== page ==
18. On issue five, learned counsel submitted that the Defendant has the burden to prove to the Court that its assertion that the effect of the motor battery accident resolved in 2012 and that the Claimant was attending hospitals for another ailment, are true. He relied on Section 136 (1) of the Evidence Act and the cases of Vanguard Media Ltd v. Olafisoye  14 NWLR. (Pt. 1267)207@251, Paras, D-F and Akinfosile v. Ijose  SCNLR (P.447)453. He contended that the defendant failed to prove this assertion. He submitted that there is material contradiction in the evidence of the defendant because the defendant pleaded that the Claimant had underlying eye defect which pre-dated his employment and which continued after the effect of the motor battery acid resolved while under cross examination, DW1 stated that the Claimant was attending hospitals for other ailments not related to his eye problem. He relied on the following cases; Anambra State Government v. Gemex International Ltd  LPELR-9733 CA; Azubuike v. Diamond Bank Plc  3 N.W.L.R. (Pt. 1393)116@127 Paras G-H,; Ajibare & Anor v Akomolafe & Anor  LPELR 3948 (CA) and; The Administrator General and Public Trustee Delta State & Anor v Ogogo & Anor  LPELR 7553 (CA). Counsel argued further that DW1 under cross examination admitted that the Defendant subjected the Claimant to medical tests before his employment and that the medical test did not disclose any ailment whatsoever and which evidence by DW1 is conclusive of the fact that the Claimant had no underlying eye defect as alleged by the Defendant. He submitted further that the submissions of the defence counsel in paragraphs 3.4 and 3.5 of the Defendant’s final address cannot take the place of evidence because the evidence of payment of medical expenses of the Claimant was neither pleaded by the Defendant nor did it lead any scintilla of evidence on the fact. He relied on Suleman & Ors v. Ukana & Ors  LPELR-46827(CA)
19. Learned counsel submitted also that the defendant cannot escape liability because it owed the Claimant a duty of care and safety to provide the Claimant with the requisite Personal Protective Equipment relevant to his field of work but the Defendant neglected, refused and/or failed to do so. He submitted further that the question of compensation for injury, occupational disease or death at the workplace is a question of law under the ECA which duty imposed by the said ECA on an employer is mandatory and does not admit of discretion on the part of an employer and a condition precedent for an injured worker or a dead worker to access compensation under the scheme created by the ECA. He submitted that the case of Rivers Vegetable Oil Company Ltd V Egukole (though without citation) is totally irrelevant to the facts of this case as it dealt with the damages in the event of termination and not the compensation payable to an employee who suffered injury at workplace. He also submitted that the case of Kwara State Civil Serv.Com v. Abiodun, supra cited by the defendant is not tenable in this case. That it is clear from the provisions of Section 12 (1) of the ECA that compensation for injury or death under the Act are in lieu of the right of an employee to sue his employer for any action statutory or otherwise, founded on a breach of duty of care or any other cause of action. In conclusion he urged the Court to grant the reliefs of the Claimant.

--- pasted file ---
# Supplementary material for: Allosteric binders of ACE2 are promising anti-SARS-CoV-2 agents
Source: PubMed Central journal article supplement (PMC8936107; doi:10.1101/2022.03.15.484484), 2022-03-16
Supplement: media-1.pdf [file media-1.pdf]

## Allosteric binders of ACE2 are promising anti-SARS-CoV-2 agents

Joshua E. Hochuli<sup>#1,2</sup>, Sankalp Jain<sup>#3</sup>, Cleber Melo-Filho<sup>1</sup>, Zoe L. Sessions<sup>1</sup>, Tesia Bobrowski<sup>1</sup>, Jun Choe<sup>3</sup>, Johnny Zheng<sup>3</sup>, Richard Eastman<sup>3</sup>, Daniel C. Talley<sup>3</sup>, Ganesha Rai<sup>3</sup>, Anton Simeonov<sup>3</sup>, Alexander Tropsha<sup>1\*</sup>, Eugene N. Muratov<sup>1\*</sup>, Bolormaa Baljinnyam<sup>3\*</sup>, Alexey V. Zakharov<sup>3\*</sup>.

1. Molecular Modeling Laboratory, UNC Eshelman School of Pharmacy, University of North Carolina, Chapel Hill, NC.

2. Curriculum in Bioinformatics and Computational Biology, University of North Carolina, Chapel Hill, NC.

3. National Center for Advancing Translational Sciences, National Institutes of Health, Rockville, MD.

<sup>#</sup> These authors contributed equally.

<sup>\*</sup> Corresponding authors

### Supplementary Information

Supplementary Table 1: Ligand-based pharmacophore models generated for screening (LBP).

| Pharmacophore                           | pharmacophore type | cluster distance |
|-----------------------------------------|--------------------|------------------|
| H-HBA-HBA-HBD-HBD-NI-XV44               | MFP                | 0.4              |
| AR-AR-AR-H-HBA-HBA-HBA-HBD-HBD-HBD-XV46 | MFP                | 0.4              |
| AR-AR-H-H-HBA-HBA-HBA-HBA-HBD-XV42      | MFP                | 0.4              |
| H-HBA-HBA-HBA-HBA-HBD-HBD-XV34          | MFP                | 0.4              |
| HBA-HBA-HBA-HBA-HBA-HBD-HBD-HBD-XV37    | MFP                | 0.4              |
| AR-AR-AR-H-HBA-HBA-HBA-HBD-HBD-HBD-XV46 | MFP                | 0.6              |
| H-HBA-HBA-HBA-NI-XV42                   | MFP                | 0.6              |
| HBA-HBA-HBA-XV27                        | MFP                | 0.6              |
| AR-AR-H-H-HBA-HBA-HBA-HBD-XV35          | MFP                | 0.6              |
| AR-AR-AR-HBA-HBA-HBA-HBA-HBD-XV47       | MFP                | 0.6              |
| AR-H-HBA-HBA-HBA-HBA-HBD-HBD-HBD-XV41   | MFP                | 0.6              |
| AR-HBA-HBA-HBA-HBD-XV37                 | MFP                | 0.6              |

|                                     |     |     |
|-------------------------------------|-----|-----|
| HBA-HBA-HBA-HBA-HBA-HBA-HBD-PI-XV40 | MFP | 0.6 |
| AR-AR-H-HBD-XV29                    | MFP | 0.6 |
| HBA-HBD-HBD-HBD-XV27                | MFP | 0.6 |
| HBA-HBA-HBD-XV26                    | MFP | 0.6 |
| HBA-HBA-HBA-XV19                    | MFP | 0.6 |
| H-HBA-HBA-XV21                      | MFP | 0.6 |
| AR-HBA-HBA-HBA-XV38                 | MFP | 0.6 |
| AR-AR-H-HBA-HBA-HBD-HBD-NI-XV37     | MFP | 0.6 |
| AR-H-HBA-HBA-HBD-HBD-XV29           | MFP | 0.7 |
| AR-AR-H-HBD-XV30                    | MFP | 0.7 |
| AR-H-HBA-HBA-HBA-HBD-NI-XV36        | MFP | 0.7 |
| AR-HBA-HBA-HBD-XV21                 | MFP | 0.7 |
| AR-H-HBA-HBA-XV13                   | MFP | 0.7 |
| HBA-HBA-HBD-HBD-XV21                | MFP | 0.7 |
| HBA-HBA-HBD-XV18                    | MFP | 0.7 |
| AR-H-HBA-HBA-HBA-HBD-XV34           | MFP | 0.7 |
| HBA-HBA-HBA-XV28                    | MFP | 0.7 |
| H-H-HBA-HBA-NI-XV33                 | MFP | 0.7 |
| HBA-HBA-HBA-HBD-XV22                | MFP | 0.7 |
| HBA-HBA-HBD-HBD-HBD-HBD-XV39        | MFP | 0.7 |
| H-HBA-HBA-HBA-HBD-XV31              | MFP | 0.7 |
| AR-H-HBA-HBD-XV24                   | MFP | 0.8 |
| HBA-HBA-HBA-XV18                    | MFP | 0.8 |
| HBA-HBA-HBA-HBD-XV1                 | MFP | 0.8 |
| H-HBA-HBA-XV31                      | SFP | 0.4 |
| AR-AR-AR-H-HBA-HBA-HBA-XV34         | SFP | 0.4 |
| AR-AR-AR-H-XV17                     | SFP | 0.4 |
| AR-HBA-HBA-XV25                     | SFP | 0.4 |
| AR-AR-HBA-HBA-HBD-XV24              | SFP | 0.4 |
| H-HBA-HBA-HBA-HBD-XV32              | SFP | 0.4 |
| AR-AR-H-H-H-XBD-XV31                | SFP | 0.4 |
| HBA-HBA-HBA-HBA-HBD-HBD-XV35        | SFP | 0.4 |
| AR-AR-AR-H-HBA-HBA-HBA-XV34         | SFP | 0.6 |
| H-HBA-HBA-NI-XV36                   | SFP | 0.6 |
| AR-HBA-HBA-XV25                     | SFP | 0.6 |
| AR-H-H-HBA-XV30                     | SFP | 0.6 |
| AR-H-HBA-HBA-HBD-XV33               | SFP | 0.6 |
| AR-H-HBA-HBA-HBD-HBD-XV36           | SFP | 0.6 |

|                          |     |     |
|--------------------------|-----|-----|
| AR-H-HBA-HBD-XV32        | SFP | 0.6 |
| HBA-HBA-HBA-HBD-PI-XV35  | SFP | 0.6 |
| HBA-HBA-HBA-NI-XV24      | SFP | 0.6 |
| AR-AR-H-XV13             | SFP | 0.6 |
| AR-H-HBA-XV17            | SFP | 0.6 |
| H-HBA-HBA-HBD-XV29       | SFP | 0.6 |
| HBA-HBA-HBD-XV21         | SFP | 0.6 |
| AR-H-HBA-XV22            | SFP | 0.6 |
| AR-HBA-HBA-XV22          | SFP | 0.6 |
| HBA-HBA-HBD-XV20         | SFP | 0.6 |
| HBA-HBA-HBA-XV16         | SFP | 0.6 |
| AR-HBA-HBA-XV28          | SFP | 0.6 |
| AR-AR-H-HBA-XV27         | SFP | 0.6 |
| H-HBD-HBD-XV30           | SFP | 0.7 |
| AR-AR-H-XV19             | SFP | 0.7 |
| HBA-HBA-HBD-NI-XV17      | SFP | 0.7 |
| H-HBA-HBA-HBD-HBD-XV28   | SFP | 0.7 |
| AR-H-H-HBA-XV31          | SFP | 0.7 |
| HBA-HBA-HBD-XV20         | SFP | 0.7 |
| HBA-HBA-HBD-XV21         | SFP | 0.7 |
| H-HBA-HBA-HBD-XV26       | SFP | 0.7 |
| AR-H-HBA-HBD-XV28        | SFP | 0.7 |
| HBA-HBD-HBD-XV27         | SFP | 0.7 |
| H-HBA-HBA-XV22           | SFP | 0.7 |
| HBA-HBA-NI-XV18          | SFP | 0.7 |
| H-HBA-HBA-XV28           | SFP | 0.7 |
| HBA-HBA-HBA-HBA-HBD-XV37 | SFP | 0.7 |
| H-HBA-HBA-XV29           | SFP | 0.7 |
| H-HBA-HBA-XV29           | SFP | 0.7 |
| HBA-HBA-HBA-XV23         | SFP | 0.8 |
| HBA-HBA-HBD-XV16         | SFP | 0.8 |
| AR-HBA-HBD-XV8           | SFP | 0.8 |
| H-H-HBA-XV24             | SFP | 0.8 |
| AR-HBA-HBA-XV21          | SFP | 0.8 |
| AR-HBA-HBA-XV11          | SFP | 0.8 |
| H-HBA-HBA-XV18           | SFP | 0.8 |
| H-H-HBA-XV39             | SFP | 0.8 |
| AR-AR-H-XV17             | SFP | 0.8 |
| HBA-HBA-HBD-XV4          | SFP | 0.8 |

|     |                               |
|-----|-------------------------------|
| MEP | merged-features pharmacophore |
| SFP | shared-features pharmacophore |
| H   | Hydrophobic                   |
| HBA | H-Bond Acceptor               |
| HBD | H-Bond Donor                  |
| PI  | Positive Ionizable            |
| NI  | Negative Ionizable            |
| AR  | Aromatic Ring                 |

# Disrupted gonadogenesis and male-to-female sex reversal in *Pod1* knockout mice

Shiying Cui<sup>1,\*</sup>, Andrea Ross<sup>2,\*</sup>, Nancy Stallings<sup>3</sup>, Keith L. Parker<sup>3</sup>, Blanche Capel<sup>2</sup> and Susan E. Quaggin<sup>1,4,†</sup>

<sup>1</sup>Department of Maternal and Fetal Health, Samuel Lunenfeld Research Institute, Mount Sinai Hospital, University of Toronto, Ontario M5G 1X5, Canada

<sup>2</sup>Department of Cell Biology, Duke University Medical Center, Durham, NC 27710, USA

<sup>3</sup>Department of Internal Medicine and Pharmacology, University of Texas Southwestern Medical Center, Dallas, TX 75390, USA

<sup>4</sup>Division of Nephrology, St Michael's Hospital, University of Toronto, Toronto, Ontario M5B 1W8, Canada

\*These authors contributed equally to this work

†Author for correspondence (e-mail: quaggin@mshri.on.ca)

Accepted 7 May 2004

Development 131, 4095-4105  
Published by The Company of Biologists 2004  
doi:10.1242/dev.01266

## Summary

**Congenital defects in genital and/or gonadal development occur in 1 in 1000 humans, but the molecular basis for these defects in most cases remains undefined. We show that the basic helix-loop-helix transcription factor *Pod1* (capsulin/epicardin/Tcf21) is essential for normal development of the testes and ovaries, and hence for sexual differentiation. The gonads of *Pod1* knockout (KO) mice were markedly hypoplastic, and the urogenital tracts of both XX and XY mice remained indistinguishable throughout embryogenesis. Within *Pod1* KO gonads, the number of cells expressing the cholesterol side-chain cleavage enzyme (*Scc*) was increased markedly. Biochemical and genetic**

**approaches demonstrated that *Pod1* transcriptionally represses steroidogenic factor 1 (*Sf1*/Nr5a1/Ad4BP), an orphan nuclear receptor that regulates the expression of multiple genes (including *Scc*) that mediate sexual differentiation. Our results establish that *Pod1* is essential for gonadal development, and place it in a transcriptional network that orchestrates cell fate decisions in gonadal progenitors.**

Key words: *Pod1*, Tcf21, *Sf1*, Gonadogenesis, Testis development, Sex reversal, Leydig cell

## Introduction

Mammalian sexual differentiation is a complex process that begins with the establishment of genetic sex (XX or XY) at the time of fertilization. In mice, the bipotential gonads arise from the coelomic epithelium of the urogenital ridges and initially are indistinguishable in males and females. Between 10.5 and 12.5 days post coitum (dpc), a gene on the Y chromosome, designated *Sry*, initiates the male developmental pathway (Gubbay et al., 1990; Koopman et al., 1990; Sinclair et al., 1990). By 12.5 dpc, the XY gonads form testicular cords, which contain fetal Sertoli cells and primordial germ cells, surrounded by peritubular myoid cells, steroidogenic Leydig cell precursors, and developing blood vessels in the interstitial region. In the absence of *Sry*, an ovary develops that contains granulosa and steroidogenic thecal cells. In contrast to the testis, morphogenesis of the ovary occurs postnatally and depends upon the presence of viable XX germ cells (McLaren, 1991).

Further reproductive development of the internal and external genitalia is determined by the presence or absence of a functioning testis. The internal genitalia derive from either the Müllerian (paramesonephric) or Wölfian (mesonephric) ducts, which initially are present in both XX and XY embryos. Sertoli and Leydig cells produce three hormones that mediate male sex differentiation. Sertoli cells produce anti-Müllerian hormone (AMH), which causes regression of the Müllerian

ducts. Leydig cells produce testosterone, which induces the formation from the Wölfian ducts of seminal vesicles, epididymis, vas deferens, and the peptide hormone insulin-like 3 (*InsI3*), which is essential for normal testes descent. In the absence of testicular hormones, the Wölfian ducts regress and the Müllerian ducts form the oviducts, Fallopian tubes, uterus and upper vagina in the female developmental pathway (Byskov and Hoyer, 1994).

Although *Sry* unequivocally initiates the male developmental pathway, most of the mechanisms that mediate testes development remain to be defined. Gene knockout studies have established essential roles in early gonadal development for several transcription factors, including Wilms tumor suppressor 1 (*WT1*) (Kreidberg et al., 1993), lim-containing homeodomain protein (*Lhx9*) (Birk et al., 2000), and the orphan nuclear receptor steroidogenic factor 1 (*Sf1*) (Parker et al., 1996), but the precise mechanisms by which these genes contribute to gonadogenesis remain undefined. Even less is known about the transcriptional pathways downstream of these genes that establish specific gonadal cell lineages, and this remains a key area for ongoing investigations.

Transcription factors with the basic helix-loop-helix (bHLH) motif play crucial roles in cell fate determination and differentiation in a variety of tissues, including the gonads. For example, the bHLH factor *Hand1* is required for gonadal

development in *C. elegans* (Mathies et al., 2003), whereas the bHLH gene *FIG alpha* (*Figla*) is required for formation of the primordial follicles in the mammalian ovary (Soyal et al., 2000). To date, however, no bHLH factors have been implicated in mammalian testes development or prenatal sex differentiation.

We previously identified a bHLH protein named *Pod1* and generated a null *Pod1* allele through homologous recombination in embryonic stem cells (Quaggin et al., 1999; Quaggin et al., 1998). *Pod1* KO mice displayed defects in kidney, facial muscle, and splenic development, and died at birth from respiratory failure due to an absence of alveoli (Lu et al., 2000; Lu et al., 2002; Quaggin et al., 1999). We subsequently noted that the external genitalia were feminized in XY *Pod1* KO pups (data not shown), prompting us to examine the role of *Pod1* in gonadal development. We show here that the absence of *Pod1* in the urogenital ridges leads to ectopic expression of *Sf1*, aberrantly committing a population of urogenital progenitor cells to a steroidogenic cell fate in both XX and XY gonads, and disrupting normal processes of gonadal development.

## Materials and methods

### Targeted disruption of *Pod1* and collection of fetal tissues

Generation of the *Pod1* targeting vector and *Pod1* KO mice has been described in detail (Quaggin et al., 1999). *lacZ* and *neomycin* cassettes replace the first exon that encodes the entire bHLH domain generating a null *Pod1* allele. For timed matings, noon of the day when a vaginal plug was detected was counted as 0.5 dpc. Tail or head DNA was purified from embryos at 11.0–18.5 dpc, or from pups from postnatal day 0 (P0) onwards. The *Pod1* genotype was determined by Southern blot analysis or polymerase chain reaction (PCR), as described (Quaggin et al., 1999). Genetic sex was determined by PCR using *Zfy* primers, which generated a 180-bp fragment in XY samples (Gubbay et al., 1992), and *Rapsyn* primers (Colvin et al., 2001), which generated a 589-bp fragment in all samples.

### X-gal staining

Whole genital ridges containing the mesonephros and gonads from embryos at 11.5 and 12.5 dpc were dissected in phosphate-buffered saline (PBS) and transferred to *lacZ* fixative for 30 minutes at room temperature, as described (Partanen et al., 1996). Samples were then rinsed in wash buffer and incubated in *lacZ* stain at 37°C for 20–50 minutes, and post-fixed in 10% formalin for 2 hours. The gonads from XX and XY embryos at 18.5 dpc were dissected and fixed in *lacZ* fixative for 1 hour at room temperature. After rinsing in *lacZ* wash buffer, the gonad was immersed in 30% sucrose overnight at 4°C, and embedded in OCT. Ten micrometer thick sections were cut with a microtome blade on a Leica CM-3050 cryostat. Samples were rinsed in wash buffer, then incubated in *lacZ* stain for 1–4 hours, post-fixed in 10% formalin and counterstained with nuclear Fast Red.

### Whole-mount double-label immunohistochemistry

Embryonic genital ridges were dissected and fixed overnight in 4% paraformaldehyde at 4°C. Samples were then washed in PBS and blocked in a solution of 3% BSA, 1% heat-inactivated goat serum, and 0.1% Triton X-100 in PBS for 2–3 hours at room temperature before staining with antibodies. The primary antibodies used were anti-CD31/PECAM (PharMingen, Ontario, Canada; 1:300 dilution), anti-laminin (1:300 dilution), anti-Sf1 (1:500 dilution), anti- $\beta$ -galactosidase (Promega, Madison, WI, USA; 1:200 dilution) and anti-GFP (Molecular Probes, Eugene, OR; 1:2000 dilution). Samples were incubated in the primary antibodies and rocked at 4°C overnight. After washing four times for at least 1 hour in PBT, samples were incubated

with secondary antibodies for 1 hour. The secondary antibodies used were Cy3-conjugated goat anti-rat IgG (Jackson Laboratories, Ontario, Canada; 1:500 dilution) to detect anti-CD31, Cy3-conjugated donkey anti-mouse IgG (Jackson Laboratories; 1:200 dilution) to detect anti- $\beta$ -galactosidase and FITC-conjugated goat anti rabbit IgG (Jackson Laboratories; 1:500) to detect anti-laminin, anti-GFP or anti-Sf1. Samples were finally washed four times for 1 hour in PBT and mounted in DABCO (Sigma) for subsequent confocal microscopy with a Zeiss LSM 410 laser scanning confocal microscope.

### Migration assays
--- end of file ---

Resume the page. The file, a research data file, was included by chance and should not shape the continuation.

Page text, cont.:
20. On the 10th day of March 2022, learned counsel on behalf of the defendant filed a reply on points of law to the final written address of Claimant wherein he submitted that the injury was not of any disabling nature and cannot be compensated by the ECA. He relied on Section 4(1) of the ECA. He submitted that the quantum of injury must be indicated by the medical report and that the submission of Claimant’s counsel on this issue is academic. He relied on Attorney General Anambra State v. AG federation All FWLR (Pt 268)1557; Bala A. Bako v. Independent National Electoral Commission & INEC & Ors LPELR-20722(CA); Olalomi Ind Ltd v. NDIB Ltd 16 NWLR (Pt 1167)266@303-304.
21. On issue two, he submitted that the Court has power to disregard the technical irregularity in the statement on oath of DW. He relied on Order 9 Rule 3 of the Rules of this Court. He submitted that the statement on oath is competent as it was sworn before a person authorized. He relied on Section 113 of Evidence Act, 2011 and Nzekwe v. Anaekwennegbu  All FWLR (Pt 620)1390@11402, Paras F-A. He submitted that the goal of the Court is substantial justice.
22. On issue three he submitted that the case of Chaidikaobi Ogmor Obiakara v. Mife Construction Nigeria Limited unreported Suit No NICN/PHC/59/2018 relied on by Claimant’s counsel differs from the case at hand because unlike in that case, the terms of the stood off was clearly stated in the letter of stood off and it was not shrouded in mystery. He equally relied on the case of Aawara v. Alalibo  FWLR (Pt 144)506@522, Paras A-C.; Osu v. Ogiri & Sons 1 NSCC 122. He submitted that the decision of Port Harcourt Division is not binding on the Court. He relied on Arugu & Ors v. Rivers State Independent Electoral Commission & Ors  LPELR-9086(CA); Uwazuruike & Ors v. A.G Federation  LPELR-20392.
23. On issues four and 5, he submitted that stood off arose as a result of the freedom of parties to contract in private law. He submitted that the destination of the deduction is traceable to the Stanbic Pension Managers as evidenced by Exhibit M4. He submitted that Claimant had not alleged that the defendant did not pay his medical expenses as Exhibit M and A10 shows the defendant was entitled to and being paid 100% medical while on stood off.
24. After a careful perusal of the originating process together with its accompanying processes, the statement of defence and its accompanying processes, the final written address of parties and the Reply address by the defendant, I am of the view that the issue arising for determination is as follows;